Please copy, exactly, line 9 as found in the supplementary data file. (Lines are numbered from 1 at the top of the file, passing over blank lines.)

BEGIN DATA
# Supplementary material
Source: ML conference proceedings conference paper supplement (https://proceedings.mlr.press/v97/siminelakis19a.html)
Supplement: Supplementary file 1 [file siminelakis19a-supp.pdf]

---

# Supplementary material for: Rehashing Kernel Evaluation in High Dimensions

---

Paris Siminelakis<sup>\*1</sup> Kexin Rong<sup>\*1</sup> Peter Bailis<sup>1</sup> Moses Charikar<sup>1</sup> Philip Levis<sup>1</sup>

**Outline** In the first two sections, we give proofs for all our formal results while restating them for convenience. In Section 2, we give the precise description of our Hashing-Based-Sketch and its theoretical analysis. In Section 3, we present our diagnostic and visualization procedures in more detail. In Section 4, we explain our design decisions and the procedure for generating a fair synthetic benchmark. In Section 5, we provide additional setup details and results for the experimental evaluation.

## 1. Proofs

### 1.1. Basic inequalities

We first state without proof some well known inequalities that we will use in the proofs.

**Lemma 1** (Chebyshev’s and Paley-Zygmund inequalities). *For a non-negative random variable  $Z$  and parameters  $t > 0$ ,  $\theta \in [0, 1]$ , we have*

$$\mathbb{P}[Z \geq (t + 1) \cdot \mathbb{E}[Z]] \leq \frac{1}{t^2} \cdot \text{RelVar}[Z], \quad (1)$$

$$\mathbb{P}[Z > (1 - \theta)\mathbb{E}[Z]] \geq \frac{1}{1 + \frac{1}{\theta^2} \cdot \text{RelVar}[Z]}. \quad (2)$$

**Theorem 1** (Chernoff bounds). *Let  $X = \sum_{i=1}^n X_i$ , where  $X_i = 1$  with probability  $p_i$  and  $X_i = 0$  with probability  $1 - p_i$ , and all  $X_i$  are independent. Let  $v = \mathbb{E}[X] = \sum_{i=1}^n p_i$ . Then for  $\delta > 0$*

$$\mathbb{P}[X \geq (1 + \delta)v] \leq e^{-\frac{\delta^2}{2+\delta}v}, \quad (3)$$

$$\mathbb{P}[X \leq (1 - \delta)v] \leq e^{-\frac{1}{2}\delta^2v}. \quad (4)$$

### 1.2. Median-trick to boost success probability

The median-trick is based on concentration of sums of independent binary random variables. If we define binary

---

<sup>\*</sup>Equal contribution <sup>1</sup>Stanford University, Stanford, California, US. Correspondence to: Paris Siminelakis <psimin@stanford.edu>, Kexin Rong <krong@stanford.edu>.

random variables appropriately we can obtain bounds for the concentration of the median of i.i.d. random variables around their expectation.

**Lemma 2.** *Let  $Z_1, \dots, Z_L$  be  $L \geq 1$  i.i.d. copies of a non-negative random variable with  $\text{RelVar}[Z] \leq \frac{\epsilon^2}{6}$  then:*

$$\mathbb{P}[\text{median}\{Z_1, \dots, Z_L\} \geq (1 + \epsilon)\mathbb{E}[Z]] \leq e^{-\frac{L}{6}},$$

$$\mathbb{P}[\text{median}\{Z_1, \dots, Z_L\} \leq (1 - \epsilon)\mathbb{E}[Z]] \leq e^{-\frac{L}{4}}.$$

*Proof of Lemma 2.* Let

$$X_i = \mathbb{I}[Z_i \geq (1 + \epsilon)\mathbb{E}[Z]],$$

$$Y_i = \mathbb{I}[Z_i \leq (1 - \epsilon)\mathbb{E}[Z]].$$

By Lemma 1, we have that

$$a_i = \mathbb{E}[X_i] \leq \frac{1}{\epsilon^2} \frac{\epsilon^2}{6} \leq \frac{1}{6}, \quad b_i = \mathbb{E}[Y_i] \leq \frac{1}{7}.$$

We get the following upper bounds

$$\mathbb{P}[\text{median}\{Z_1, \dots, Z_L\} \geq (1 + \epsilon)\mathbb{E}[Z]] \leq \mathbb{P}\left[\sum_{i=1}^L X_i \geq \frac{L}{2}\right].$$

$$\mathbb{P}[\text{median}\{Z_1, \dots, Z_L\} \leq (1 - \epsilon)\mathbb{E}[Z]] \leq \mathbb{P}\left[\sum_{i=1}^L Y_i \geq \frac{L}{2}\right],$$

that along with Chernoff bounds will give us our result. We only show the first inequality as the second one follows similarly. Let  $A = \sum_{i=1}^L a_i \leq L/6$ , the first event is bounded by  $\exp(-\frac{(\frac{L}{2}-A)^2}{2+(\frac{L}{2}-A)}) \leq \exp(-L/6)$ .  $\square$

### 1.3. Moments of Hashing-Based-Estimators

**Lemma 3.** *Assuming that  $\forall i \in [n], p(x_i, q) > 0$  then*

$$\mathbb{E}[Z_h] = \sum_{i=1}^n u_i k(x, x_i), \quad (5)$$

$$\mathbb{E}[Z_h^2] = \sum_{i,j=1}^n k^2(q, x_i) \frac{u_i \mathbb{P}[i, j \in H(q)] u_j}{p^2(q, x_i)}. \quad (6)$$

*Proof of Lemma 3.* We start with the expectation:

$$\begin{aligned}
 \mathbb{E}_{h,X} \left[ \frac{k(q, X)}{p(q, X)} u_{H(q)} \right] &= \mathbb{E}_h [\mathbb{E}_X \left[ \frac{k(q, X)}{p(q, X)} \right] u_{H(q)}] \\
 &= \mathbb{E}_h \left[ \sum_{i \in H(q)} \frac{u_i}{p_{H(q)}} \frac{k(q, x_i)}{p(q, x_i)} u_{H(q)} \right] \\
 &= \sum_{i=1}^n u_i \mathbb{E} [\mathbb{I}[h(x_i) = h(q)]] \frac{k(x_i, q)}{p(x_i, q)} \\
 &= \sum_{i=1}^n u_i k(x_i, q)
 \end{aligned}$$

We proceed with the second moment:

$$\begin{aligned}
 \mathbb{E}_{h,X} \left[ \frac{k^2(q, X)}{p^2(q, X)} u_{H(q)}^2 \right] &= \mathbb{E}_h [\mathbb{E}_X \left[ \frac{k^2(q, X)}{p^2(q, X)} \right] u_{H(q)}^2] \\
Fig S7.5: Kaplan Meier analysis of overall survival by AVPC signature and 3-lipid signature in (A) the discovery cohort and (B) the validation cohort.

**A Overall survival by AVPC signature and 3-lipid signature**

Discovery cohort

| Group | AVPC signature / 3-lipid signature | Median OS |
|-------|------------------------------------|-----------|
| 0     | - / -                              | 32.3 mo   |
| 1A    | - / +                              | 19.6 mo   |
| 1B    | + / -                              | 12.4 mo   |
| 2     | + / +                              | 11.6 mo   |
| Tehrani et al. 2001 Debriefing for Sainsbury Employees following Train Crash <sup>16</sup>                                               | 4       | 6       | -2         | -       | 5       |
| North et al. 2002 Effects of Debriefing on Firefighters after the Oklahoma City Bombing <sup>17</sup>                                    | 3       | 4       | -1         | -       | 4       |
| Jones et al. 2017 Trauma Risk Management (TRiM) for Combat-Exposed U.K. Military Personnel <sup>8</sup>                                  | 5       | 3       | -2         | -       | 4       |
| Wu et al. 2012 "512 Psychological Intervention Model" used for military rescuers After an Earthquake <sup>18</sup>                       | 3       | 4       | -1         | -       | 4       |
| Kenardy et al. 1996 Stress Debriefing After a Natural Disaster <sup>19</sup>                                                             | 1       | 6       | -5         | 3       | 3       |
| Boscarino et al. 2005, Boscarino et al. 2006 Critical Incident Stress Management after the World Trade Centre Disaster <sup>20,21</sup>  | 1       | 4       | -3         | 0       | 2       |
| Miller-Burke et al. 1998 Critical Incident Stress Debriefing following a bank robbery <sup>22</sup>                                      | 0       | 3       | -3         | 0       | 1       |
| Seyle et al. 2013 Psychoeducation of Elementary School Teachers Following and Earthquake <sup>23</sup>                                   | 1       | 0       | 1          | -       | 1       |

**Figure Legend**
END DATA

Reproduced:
## 1. Proofs